Jersey banker says PPP program (mostly) worked as hoped, giving boost to many of Garden State’s Main Street businesses

    Joseph Lebel III. (File photo)

    With news of massive restaurant chains, NBA franchises and billionaires’ clothing lines benefiting from disbursements of Paycheck Protection Program loans — one wouldn’t have been faulted for asking how the program could be any sort of panacea for an ailing Main Street economy.

    But, with a final deadline to apply for the program lapsing on Aug. 8, local bank executive Joe Lebel is looking at a mostly complete picture of who benefited, at least from his bank’s involvement with the Small Business Association loans. There’s no knowing exactly what level of forgiveness holders of those loans will be able to get until SBA officially opens the floodgates for that part of the process on Aug. 8, but the executive vice president and chief operating officer of Toms River-based OceanFirst Bank has some early insight into that, too.

    And in the final analysis … he does think PPP loans have had a hand in stabilizing local business.

    “They can do nothing other than help,” he answers, adding that, at least for some local small businesses, “it has definitely meant the difference between surviving and not surviving.”

    More than half of the bank’s about 3,000 PPP loans, which totaled $503.8 million, went to businesses with less than 10 employees. Only 76 loans went to businesses with more than 100 employees.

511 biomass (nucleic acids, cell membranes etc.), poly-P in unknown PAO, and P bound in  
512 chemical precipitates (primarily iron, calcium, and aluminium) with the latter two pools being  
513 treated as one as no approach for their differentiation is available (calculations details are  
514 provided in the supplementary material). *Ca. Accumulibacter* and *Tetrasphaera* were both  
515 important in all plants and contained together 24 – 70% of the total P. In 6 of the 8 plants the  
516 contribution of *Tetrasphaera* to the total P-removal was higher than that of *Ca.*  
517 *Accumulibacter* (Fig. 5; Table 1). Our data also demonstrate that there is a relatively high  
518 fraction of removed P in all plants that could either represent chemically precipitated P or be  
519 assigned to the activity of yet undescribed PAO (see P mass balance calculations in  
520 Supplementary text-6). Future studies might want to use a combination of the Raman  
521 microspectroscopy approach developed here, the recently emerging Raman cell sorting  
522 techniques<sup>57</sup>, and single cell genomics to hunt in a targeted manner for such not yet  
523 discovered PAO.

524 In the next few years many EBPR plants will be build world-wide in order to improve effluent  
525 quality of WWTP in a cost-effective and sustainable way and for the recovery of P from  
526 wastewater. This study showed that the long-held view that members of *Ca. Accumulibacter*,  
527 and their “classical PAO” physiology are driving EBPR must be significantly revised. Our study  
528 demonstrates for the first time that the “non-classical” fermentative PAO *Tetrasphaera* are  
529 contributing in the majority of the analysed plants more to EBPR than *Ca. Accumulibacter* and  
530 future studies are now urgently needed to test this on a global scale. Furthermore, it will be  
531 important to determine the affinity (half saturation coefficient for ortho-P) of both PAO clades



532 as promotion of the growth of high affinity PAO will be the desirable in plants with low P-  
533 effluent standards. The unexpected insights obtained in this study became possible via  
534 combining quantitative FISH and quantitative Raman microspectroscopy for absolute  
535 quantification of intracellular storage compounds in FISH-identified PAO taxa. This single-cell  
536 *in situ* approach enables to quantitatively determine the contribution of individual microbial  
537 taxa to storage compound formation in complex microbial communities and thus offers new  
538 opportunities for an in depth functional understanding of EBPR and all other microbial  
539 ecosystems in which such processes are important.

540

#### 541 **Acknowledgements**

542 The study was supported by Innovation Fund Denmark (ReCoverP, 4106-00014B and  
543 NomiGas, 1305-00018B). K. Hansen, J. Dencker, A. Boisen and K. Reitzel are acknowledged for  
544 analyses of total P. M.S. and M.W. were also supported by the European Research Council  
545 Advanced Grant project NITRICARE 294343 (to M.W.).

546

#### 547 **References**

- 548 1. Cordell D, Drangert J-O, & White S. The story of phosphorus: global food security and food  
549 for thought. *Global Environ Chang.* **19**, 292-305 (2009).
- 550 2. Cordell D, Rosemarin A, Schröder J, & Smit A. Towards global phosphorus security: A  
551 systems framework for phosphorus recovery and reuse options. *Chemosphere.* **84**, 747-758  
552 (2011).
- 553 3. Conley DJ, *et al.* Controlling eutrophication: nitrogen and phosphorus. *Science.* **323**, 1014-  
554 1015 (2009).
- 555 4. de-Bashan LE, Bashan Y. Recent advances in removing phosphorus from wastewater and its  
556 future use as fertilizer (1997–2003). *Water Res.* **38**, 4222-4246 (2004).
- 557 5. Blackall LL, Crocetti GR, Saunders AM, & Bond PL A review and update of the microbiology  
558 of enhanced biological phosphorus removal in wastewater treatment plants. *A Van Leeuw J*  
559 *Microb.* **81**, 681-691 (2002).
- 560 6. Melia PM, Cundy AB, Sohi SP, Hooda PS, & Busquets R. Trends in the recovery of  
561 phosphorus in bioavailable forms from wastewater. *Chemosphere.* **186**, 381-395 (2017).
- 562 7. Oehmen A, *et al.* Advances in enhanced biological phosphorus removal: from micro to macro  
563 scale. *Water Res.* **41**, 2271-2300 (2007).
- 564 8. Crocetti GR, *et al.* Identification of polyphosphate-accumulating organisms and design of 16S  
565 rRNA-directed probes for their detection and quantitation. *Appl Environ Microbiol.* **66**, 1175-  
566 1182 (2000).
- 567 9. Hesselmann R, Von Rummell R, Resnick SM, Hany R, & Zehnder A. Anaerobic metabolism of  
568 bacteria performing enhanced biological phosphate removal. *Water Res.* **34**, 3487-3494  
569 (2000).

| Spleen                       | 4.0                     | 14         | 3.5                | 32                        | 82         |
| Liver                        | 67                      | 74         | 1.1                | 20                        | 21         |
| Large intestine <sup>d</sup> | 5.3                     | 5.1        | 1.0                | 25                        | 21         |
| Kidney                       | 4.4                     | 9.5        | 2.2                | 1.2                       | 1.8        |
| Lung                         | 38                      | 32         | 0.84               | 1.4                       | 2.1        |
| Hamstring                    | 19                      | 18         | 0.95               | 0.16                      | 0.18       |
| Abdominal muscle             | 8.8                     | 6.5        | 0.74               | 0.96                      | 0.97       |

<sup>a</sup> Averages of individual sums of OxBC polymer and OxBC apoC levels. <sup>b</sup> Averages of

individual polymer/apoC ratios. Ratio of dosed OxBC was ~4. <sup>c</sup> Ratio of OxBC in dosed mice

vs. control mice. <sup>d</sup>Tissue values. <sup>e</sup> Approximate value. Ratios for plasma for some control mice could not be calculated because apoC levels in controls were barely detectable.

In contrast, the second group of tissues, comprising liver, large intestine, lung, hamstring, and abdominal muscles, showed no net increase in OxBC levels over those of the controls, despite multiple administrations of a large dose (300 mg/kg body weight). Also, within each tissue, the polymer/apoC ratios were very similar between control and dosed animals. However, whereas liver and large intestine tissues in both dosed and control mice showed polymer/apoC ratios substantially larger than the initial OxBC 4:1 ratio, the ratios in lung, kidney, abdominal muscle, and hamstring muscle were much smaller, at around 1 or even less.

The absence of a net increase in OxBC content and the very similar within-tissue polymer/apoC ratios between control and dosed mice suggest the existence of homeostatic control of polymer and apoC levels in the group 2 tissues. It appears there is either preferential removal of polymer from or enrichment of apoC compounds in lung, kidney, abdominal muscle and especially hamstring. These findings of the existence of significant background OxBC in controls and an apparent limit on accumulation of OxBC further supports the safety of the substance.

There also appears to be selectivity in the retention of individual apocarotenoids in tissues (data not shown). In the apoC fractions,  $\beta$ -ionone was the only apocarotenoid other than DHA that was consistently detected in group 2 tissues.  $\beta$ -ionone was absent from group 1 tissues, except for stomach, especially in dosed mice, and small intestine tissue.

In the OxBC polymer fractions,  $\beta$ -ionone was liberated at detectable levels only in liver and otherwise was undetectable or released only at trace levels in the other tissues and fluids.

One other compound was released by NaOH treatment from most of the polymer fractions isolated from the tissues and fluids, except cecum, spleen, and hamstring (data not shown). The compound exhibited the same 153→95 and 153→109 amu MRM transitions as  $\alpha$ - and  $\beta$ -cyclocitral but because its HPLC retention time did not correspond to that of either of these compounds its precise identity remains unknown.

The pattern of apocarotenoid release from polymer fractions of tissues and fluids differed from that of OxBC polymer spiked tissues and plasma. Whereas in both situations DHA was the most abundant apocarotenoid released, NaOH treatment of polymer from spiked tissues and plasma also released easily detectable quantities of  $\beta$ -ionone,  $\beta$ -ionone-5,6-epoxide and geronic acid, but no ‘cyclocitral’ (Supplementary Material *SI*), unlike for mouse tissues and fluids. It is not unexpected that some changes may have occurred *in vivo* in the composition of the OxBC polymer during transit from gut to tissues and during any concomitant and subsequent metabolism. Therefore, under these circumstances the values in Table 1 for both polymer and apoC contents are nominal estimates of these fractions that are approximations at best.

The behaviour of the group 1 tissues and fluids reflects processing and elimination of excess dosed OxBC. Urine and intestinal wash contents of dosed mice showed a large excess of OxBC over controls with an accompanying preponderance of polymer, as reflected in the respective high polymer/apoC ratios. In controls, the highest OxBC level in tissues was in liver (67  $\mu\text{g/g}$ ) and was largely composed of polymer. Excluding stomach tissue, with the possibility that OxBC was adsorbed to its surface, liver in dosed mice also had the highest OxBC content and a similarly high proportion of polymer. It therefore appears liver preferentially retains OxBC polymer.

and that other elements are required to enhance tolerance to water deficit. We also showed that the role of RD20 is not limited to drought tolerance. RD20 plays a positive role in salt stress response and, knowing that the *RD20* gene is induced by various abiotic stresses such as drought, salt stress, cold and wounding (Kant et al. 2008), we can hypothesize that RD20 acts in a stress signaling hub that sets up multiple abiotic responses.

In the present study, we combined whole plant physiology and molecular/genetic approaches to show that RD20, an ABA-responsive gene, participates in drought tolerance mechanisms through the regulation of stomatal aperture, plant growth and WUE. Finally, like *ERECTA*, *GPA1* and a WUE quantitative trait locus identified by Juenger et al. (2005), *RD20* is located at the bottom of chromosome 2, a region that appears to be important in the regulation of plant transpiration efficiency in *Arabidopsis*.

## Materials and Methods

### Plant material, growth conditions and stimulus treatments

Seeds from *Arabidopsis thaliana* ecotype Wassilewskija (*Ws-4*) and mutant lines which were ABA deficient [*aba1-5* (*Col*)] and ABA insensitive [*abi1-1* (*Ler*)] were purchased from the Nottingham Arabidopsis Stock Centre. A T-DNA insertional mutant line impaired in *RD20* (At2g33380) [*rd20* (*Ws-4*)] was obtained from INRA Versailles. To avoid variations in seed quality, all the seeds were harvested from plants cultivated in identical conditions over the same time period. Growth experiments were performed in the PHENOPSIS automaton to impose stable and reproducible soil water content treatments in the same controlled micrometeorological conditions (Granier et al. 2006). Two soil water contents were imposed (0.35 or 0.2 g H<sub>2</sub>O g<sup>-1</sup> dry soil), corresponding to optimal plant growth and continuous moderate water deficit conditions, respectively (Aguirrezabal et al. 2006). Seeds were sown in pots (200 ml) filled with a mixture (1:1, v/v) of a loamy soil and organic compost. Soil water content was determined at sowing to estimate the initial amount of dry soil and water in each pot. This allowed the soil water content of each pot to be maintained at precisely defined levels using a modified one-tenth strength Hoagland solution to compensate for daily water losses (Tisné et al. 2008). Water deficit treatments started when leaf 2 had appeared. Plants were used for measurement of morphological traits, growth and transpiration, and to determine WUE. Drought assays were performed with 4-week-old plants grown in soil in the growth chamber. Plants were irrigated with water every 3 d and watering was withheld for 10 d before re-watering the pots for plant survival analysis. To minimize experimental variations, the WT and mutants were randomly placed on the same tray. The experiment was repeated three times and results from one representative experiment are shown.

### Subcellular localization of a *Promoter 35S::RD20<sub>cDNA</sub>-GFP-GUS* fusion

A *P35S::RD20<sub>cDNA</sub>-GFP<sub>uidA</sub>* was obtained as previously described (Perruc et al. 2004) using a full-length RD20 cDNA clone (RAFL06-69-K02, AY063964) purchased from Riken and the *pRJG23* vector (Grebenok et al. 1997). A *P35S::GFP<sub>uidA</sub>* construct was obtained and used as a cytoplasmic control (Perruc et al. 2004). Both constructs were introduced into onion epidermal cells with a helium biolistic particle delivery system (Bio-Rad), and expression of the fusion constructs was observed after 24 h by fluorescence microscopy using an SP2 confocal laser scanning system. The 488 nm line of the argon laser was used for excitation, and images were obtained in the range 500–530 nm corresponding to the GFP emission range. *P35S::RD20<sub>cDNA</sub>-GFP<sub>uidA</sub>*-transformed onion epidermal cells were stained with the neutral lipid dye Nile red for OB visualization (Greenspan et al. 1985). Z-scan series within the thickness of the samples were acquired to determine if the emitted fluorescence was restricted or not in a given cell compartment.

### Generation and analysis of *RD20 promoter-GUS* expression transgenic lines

The SBA itself — after accusations that only the country’s top-tier businesses were seeing an outsized benefit from the program, which allowed for megaloans of $5 million or $10 million — reported that the average loan size nationally was about $100,000.

    More than 125,000 small business loans, adding up to around $4.5 billion, were made in New Jersey, according to the SBA. That reportedly saved 530,000-some jobs.

    OceanFirst’s Lebel wouldn’t say, however, that the PPP was all New Jersey needs to get its economy back on track after the disruption of COVID-19’s spread.

    “It’s only one part of the puzzle,” he said. “We have to get the economy back up to a point of consumer confidence and get more people back to work. And, in certain industries, that’s going to take longer.”

    From where he sits, Lebel already has a view of a rebound in the industries that have been less adversely affected — so, not restaurants and the hospitality sector, in other words.

    But Lebel said OceanFirst decided during the worst of the pandemic’s local impact to defer certain loan payments for 60 to 90 days for the most seriously impacted categories of business borrowers. Even for those businesses, a majority intend to resume repayments soon — perhaps signaling that less of these businesses would be filing for bankruptcy protection or have trouble returning to usual revenues than anticipated.

    “Some folks have rebounded quickly,” he said. “Businesses have put in place plans to be successful during the pandemic … and, along with the states doing a good job being proactive and the federal resources that are available, I’m hopeful more local businesses will be able to generate the revenues needed to get them through this.”